Is there any danger of the facilities of education becoming too great? Is there any danger of the people of the Territory ever becoming too well educated ? too literary? too scientific ? too much enlightened ? The proposition that they may, bears absurdity on its face. So thoroughly have all our enlightened states been convinced that the real danger in the case lies in the contrary direction, that we have sought in vain for an example of an institution of the kind, where all of its means are to be devoted to education, being restricted in the amount of its capital. If the persons to whom you are about to intrust the educational interests contemplated, are proper persons to educate at all, they certainly should not be restricted in the means of accomplishing their work. If not, they should not, by authority, be allowed to educate at all.
Again, the proposition that they should be restricted in the mode of the investment of their funds, seems to be equally absurd. There is no more inconvenience or danger to the public in their holding their endowment in lands, than in bank stocks, bonds and mortgages, or cash. Hence we claim that restriction to a limited amount of lands or any other particular kind of property, can work no good, whilst it might embarrass or even defeat the enterprise.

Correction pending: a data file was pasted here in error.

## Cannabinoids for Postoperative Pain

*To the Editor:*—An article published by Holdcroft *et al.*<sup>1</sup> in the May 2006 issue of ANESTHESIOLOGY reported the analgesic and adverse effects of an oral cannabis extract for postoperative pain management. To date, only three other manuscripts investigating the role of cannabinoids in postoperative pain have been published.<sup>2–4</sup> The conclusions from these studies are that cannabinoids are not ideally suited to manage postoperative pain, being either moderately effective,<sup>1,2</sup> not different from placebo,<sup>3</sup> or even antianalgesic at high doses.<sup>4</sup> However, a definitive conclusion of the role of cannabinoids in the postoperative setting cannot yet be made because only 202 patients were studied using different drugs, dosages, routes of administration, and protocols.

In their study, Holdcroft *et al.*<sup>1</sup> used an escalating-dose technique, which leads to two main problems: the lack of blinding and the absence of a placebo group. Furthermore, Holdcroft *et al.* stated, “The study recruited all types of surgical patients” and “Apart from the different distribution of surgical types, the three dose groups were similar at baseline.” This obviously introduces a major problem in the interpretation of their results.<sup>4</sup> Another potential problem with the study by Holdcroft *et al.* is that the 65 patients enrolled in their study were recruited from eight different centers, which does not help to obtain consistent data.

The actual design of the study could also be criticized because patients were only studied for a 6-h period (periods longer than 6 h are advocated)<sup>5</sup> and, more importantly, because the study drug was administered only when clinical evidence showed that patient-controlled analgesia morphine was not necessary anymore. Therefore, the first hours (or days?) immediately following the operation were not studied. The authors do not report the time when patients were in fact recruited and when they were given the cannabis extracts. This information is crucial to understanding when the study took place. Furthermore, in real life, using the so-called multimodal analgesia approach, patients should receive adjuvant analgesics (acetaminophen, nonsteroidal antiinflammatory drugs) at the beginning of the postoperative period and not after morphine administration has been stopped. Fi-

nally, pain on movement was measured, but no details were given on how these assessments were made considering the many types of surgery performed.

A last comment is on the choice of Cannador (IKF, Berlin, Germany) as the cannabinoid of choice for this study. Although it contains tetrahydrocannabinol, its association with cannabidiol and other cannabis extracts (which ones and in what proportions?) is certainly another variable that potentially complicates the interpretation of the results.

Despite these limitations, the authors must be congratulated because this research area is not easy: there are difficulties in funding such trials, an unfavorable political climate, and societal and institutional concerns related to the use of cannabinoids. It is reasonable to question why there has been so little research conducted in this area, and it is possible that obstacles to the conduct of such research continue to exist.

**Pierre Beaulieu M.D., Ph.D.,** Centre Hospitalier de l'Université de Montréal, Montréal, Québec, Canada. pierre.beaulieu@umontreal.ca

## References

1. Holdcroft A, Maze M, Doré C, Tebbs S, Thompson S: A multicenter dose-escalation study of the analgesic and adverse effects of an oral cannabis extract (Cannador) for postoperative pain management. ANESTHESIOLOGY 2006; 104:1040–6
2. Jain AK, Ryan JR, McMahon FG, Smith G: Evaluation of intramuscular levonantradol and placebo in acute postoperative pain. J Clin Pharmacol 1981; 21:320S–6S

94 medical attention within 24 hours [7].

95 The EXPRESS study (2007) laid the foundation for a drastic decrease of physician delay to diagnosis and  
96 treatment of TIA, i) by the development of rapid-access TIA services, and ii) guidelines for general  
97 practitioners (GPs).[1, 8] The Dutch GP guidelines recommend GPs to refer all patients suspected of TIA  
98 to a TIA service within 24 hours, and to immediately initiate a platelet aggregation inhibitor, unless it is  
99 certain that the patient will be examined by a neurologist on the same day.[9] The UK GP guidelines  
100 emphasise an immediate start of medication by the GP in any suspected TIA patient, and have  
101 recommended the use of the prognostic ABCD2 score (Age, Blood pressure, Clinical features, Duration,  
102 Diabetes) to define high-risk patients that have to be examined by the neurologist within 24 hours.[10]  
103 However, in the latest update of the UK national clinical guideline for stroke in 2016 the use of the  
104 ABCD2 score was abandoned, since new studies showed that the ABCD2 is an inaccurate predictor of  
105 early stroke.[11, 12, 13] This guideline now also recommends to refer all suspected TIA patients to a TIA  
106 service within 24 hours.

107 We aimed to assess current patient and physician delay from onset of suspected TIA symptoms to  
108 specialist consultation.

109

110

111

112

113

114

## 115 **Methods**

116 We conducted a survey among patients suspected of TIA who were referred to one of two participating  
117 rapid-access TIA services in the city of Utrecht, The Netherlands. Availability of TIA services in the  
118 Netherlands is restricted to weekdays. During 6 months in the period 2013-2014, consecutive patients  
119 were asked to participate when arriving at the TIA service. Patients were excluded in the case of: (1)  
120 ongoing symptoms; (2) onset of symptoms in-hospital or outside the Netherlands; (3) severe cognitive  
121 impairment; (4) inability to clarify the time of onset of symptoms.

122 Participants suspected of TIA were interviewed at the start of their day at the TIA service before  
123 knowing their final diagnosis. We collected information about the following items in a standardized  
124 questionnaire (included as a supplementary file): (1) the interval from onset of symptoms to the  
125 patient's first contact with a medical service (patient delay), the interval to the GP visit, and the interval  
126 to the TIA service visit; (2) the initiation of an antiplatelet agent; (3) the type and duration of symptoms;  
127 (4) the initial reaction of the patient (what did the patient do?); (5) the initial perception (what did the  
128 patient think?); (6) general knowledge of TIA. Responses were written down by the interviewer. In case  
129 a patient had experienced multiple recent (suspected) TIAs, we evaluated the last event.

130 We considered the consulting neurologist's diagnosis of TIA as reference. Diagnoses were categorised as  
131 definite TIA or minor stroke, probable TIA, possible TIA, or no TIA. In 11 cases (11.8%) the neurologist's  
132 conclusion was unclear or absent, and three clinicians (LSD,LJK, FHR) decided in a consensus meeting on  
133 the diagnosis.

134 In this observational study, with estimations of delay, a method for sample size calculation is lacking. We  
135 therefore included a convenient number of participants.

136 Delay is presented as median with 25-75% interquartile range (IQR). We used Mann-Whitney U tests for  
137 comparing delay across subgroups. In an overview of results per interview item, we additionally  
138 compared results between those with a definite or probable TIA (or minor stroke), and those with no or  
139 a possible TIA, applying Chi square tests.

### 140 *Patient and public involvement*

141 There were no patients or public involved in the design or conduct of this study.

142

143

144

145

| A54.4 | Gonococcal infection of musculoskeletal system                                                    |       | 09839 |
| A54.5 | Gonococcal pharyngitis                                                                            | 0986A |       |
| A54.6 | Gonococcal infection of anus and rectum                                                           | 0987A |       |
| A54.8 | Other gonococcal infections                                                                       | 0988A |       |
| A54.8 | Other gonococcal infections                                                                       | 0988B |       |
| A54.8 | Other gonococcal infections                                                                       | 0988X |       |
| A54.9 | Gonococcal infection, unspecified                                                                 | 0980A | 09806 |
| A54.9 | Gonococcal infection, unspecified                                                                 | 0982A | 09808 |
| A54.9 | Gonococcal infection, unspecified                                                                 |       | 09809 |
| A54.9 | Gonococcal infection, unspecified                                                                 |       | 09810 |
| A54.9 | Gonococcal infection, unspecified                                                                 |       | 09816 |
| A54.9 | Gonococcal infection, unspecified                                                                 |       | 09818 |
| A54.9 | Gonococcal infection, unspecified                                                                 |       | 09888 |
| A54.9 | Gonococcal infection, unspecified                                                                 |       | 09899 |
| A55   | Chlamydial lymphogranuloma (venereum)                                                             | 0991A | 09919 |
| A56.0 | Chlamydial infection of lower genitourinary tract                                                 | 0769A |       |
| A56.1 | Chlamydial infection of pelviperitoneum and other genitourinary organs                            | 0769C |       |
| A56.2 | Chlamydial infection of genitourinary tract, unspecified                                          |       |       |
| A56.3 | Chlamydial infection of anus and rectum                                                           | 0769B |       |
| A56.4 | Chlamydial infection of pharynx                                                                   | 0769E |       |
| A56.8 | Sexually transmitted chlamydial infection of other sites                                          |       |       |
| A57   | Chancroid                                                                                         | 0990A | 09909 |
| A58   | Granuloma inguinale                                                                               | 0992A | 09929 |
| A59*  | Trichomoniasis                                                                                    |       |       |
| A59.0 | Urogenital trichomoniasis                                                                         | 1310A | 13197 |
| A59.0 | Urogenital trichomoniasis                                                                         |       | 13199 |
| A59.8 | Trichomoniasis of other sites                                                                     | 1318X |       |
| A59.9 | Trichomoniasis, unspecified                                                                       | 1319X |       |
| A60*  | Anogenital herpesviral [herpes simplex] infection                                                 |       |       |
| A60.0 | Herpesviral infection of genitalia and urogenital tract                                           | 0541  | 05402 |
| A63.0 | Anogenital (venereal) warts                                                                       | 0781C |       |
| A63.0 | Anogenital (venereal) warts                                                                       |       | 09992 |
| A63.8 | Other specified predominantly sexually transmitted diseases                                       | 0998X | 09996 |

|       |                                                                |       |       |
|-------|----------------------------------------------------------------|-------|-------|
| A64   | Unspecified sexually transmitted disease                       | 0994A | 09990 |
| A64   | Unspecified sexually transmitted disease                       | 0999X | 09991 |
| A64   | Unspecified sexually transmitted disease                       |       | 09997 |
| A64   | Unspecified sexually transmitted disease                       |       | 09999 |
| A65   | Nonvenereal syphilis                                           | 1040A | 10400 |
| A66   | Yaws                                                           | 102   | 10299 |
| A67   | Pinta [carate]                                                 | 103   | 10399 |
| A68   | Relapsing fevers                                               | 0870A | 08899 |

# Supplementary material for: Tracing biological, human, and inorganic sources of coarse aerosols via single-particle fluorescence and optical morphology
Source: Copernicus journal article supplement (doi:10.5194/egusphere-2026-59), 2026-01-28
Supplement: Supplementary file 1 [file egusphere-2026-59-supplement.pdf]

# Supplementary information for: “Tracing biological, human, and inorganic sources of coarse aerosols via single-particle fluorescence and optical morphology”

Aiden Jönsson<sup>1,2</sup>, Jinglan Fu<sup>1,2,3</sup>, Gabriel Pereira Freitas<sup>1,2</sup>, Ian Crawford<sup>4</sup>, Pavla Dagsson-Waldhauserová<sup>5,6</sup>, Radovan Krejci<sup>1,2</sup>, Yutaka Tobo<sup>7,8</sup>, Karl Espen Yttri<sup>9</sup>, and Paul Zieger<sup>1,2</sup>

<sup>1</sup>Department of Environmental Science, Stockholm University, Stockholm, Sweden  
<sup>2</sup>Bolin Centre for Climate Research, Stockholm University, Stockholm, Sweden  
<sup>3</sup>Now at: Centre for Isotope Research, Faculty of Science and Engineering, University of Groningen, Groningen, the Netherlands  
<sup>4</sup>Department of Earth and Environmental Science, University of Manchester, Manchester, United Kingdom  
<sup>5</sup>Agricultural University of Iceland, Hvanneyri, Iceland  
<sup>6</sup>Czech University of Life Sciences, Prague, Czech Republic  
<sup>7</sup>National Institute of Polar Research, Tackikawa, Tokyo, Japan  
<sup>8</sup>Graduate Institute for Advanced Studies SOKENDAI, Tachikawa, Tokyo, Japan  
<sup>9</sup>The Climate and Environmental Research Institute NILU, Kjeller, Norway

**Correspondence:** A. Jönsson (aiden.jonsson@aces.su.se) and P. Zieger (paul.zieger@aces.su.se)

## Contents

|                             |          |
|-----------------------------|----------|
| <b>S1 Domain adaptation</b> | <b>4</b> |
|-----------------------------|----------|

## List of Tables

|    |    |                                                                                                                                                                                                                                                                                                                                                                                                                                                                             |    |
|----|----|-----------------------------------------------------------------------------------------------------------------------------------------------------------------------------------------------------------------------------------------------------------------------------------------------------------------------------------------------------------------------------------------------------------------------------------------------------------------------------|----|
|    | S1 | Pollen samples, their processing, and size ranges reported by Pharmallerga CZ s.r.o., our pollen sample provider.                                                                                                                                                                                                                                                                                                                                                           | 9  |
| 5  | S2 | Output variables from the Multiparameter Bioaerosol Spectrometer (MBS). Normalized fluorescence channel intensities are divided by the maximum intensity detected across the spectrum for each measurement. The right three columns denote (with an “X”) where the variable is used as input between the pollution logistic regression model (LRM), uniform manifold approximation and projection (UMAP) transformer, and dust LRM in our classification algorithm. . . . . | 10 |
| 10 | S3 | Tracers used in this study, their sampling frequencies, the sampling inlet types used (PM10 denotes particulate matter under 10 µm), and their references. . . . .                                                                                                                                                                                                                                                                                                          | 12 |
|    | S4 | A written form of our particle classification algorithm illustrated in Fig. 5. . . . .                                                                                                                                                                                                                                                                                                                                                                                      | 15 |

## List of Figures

As to the propriety of the exemption of the property from taxation, it is a broad and plain question, upon which there can be only two opinions. As their entire property must be used for only one object, it is either right to exempt it all from taxation, or it is not proper to exempt any portion of it. The almost universal custom amongst enlightened states of all countries, of exempting the property of educational and other purely benevolent institutions, from taxation, commends itself as a custom founded in sound and enlightened policy; and we should be exceedingly sorry to see Nebraska in her infancy start off in the opposite direction.
As the sole object of government is the public good, can it be proper that it should impose any burden or barrier in the way of a purely beneficent enterprise ? Certainly not. As it will be at once readily admitted that proper education is a pure beneficence, we are brought to the only question of importance that is at issue-the basis of all the objections that can be raised. That is, is education as contemplated in these bills, a proper education ? Shall education under the direction of the Methodist Episcopal church be deemed proper, or shall it be restricted and taxed ?
Your committee, in recommending the passage of these bills, are influenced solely by what they deem the best interests of the Territory, and would take this occasion to state that whilst they gladly extend encouragement and protection to Methodism, they would with equal willingness do as much for any other denomination which would show its appreciation of the boon by asking for it.
Your committee would further express the hope that it will be the policy of this and future legislatures, to give to all churches such immunities and protection as contemplated in these bills, that our virgin